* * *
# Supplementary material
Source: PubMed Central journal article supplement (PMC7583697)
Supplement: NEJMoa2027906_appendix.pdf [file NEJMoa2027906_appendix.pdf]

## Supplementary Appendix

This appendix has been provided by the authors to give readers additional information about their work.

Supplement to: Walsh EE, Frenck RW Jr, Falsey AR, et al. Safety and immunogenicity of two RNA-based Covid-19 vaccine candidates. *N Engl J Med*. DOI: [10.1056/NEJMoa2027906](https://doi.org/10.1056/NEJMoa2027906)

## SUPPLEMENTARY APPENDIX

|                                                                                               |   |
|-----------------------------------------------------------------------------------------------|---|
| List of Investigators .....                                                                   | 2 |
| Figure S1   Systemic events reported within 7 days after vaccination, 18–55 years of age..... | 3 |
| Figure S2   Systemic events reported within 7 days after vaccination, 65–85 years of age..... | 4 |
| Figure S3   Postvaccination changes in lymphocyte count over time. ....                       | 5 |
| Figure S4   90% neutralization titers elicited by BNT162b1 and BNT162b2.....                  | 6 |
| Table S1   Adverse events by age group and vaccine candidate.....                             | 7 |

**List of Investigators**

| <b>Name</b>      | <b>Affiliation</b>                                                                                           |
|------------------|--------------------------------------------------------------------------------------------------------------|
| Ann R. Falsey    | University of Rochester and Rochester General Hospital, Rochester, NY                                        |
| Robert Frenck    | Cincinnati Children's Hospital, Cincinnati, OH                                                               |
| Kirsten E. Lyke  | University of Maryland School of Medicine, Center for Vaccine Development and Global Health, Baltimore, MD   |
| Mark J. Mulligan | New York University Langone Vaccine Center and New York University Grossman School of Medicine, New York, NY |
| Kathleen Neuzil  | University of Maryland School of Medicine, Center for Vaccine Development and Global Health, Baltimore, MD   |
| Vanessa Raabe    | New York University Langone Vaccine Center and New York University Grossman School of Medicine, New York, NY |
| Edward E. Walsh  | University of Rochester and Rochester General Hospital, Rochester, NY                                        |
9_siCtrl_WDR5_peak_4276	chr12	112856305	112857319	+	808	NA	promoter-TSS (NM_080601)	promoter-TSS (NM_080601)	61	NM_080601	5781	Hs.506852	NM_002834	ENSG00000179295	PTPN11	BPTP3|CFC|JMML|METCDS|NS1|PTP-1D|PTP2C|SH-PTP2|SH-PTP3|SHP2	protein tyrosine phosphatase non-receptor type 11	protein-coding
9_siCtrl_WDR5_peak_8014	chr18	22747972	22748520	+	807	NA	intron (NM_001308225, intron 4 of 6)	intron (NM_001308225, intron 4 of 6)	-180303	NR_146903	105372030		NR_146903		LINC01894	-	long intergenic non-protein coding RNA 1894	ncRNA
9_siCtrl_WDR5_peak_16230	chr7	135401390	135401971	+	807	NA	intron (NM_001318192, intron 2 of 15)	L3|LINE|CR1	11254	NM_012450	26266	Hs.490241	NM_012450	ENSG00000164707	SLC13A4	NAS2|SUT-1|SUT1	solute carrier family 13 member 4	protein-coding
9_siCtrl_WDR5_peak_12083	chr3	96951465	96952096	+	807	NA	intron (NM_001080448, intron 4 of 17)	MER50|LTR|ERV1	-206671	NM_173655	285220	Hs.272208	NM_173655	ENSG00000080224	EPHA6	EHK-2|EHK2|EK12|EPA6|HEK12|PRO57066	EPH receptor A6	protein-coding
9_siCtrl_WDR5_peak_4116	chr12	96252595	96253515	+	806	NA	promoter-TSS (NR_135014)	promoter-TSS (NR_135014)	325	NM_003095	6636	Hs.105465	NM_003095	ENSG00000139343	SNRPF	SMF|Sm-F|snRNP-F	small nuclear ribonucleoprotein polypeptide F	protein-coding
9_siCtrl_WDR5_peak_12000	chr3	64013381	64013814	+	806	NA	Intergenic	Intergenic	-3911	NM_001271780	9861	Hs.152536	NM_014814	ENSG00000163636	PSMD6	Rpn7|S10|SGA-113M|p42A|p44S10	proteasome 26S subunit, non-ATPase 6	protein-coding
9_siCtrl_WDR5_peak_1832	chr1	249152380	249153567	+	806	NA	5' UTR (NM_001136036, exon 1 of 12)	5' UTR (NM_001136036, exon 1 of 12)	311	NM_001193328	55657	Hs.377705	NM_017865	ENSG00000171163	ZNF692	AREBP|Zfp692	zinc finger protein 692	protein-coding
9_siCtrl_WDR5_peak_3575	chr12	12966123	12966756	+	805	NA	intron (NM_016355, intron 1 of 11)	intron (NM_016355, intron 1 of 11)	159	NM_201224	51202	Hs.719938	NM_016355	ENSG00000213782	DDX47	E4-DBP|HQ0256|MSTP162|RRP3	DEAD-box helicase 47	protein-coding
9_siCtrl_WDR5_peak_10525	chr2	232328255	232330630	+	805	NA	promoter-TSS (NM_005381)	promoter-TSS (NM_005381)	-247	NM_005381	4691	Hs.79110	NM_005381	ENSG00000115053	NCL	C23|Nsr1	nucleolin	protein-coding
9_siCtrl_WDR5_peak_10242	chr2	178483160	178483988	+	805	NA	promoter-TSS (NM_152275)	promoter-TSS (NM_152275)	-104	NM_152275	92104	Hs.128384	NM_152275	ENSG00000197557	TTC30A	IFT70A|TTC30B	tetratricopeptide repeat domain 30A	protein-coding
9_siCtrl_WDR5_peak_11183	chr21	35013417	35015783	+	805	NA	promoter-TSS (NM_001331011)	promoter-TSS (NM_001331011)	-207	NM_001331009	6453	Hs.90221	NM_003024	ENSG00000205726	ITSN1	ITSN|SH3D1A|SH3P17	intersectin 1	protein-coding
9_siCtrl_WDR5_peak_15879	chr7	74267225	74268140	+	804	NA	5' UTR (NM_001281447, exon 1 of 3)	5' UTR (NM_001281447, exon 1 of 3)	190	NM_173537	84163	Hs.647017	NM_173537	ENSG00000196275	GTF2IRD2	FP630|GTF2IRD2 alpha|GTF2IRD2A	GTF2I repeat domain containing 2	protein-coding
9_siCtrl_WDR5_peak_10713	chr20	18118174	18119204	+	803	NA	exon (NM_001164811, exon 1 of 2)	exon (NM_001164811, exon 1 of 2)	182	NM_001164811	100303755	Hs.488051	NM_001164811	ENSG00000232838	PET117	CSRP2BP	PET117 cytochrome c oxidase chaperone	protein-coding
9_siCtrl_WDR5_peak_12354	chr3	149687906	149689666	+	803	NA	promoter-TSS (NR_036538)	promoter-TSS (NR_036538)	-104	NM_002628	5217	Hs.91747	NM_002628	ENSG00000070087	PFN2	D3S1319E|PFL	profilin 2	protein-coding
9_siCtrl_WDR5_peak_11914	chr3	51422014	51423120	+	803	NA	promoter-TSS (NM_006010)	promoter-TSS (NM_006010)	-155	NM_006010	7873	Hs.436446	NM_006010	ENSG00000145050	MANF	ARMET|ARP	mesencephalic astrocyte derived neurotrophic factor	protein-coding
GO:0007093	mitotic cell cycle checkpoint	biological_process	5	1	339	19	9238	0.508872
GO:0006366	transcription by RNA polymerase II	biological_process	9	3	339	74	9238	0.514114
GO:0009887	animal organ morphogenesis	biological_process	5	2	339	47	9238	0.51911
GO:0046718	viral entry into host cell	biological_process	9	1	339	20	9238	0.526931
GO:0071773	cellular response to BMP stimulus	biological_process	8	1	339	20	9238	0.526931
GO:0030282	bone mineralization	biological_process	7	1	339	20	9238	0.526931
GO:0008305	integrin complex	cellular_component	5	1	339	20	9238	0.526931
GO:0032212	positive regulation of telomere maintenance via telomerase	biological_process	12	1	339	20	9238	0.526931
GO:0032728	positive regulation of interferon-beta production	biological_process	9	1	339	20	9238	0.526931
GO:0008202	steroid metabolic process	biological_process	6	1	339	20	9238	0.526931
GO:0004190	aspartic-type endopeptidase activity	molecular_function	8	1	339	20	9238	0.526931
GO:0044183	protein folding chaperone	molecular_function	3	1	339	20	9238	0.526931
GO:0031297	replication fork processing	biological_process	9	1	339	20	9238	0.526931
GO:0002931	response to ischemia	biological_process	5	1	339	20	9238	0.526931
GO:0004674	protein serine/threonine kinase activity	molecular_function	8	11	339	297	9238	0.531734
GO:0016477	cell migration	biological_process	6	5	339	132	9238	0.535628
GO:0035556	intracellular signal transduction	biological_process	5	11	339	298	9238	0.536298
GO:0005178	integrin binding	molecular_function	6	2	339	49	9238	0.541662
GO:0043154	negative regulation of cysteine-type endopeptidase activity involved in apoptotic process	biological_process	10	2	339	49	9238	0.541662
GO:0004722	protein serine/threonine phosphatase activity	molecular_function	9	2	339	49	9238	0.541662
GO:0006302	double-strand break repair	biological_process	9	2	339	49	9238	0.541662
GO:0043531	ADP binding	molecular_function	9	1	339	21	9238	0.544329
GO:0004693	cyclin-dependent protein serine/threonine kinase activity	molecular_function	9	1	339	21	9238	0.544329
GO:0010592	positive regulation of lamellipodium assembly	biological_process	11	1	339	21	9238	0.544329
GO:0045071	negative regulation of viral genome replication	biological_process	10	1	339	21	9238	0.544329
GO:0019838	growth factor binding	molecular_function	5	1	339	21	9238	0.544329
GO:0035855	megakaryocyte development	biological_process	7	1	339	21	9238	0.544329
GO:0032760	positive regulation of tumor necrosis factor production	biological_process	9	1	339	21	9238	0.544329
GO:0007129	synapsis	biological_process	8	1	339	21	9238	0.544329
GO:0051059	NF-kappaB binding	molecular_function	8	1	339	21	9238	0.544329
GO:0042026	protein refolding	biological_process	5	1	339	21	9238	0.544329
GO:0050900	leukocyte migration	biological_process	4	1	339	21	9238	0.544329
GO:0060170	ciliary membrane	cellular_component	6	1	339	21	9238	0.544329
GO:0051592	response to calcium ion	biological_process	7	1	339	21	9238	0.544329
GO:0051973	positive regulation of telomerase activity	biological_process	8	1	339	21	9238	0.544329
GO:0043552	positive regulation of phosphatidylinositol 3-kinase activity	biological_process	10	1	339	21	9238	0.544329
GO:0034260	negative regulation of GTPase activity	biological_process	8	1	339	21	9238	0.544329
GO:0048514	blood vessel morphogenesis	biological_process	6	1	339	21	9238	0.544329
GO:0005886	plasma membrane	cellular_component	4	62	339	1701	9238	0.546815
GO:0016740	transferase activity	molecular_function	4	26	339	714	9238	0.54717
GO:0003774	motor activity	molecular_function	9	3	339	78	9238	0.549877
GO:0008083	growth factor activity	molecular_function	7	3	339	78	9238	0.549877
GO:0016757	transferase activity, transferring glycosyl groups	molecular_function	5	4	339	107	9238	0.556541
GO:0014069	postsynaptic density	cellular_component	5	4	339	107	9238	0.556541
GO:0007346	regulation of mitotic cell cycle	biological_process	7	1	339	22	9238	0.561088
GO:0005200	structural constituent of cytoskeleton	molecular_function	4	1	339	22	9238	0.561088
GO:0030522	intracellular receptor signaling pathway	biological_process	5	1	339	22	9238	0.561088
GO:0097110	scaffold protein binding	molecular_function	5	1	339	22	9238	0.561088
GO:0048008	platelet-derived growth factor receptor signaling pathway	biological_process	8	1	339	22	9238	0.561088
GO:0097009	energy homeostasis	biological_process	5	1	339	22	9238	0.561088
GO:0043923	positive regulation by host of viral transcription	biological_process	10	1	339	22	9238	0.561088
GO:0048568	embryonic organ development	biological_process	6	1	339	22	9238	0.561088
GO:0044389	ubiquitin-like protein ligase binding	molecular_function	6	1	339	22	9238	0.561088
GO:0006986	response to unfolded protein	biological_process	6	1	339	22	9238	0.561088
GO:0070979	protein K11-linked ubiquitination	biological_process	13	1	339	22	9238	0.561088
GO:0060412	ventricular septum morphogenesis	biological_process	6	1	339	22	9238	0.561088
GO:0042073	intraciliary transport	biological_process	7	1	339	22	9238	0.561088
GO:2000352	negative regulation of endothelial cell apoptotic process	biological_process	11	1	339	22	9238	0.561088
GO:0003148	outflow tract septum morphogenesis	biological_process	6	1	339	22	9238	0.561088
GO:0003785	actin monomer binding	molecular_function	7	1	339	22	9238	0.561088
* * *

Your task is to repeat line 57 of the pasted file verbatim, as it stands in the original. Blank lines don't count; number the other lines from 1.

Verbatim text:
GO:0035556	intracellular signal transduction	biological_process	5	11	339	298	9238	0.536298